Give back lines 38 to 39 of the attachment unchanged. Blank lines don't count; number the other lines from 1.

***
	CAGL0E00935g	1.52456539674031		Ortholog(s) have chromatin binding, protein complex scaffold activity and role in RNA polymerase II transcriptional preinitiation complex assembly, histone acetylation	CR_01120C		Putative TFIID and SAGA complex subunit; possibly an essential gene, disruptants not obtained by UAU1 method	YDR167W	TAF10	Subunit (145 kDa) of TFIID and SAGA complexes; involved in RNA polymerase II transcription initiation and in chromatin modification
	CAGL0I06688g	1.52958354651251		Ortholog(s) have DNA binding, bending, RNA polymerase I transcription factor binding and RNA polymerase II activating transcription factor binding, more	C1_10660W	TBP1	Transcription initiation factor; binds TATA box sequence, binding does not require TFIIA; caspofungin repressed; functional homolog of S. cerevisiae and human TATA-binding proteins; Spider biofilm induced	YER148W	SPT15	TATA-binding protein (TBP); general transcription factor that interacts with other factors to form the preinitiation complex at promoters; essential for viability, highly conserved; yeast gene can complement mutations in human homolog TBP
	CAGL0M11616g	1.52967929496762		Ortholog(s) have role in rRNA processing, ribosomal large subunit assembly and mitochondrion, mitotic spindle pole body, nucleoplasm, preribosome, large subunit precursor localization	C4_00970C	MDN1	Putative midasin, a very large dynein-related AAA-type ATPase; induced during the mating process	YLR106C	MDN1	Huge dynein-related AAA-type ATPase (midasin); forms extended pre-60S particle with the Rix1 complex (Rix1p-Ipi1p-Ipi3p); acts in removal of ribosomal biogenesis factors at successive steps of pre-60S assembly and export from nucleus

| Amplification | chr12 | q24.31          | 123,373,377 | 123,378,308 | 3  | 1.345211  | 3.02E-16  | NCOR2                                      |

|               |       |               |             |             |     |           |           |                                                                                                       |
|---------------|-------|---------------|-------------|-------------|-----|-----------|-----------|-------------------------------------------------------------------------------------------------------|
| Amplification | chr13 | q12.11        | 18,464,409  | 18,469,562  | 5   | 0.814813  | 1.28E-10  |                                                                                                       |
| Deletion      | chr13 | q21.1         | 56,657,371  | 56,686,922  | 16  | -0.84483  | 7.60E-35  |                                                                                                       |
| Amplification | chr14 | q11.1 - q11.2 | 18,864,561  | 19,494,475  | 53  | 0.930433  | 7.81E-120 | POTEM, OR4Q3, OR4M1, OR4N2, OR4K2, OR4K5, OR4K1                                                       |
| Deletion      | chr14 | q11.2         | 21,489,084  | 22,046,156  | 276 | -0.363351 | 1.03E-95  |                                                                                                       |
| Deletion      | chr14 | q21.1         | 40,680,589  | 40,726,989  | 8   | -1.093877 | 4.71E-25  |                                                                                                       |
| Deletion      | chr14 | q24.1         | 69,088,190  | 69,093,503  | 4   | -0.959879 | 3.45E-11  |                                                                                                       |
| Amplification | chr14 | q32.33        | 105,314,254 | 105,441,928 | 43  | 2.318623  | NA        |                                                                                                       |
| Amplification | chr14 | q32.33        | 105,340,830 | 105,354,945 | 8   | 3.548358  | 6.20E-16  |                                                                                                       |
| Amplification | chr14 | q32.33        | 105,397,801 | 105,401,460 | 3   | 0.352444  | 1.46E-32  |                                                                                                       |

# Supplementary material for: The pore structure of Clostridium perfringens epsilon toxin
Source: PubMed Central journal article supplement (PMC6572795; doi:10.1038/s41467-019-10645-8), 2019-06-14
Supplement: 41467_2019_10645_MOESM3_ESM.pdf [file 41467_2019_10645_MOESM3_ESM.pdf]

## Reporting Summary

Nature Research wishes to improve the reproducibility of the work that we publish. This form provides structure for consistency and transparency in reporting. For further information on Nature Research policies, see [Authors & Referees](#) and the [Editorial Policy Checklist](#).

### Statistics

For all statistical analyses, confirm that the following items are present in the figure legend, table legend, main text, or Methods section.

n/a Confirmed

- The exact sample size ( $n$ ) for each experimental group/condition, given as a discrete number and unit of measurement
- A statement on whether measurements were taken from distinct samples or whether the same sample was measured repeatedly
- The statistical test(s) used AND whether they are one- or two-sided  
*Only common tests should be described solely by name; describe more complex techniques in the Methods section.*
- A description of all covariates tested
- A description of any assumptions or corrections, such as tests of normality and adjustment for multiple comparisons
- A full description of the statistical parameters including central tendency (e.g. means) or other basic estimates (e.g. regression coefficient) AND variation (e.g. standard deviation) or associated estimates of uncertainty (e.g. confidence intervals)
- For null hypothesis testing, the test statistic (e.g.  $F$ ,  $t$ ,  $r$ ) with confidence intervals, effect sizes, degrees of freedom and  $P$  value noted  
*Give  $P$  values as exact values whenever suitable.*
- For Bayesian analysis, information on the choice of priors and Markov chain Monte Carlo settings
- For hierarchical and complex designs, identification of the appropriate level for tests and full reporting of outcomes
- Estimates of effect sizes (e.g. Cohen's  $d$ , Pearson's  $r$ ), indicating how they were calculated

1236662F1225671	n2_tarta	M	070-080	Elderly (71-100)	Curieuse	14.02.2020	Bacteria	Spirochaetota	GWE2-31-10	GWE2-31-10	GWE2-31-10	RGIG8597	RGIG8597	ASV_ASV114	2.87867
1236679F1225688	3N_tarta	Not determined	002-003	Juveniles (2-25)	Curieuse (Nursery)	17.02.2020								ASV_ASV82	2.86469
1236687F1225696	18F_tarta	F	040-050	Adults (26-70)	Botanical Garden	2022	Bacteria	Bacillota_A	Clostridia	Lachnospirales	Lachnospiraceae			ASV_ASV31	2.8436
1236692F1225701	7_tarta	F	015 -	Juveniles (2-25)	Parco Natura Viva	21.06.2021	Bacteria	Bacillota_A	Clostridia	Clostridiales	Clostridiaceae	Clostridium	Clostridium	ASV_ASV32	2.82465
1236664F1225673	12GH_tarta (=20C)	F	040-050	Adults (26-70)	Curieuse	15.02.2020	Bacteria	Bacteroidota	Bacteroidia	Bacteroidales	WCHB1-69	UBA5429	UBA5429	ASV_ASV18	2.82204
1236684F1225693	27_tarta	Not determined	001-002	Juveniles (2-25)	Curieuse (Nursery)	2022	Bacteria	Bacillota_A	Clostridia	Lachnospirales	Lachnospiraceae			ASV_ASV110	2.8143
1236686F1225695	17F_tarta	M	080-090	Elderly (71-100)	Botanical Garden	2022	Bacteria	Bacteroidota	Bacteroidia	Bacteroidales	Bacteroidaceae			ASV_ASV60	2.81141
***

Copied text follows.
1236687F1225696	18F_tarta	F	040-050	Adults (26-70)	Botanical Garden	2022	Bacteria	Bacillota_A	Clostridia	Lachnospirales	Lachnospiraceae			ASV_ASV31	2.8436
1236692F1225701	7_tarta	F	015 -	Juveniles (2-25)	Parco Natura Viva	21.06.2021	Bacteria	Bacillota_A	Clostridia	Clostridiales	Clostridiaceae	Clostridium	Clostridium	ASV_ASV32	2.82465